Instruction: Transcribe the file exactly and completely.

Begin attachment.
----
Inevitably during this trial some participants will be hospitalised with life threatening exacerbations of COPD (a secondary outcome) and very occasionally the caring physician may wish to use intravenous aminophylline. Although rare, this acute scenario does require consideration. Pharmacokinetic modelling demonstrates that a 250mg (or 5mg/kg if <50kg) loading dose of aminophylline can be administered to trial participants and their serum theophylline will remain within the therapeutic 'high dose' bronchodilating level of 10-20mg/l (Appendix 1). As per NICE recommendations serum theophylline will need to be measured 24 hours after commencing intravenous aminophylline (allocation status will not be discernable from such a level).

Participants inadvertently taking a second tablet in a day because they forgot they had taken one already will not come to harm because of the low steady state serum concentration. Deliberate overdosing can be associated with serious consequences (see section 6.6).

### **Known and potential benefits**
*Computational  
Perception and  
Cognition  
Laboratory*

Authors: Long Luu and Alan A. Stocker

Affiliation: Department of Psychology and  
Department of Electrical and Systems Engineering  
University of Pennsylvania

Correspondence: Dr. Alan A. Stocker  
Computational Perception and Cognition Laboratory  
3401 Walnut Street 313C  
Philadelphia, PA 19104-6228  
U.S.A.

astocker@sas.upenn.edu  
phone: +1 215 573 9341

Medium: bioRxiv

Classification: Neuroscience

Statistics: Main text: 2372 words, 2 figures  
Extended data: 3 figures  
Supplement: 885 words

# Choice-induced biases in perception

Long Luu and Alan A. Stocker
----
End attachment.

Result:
Inevitably during this trial some participants will be hospitalised with life threatening exacerbations of COPD (a secondary outcome) and very occasionally the caring physician may wish to use intravenous aminophylline. Although rare, this acute scenario does require consideration. Pharmacokinetic modelling demonstrates that a 250mg (or 5mg/kg if <50kg) loading dose of aminophylline can be administered to trial participants and their serum theophylline will remain within the therapeutic 'high dose' bronchodilating level of 10-20mg/l (Appendix 1). As per NICE recommendations serum theophylline will need to be measured 24 hours after commencing intravenous aminophylline (allocation status will not be discernable from such a level).

Participants inadvertently taking a second tablet in a day because they forgot they had taken one already will not come to harm because of the low steady state serum concentration. Deliberate overdosing can be associated with serious consequences (see section 6.6).

### **Known and potential benefits**
*Computational  
Perception and  
Cognition  
Laboratory*

Authors: Long Luu and Alan A. Stocker

Affiliation: Department of Psychology and  
Department of Electrical and Systems Engineering  
University of Pennsylvania

Correspondence: Dr. Alan A. Stocker  
Computational Perception and Cognition Laboratory  
3401 Walnut Street 313C  
Philadelphia, PA 19104-6228  
U.S.A.

astocker@sas.upenn.edu  
phone: +1 215 573 9341

Medium: bioRxiv

Classification: Neuroscience

Statistics: Main text: 2372 words, 2 figures  
Extended data: 3 figures  
Supplement: 885 words

# Choice-induced biases in perception

Long Luu and Alan A. Stocker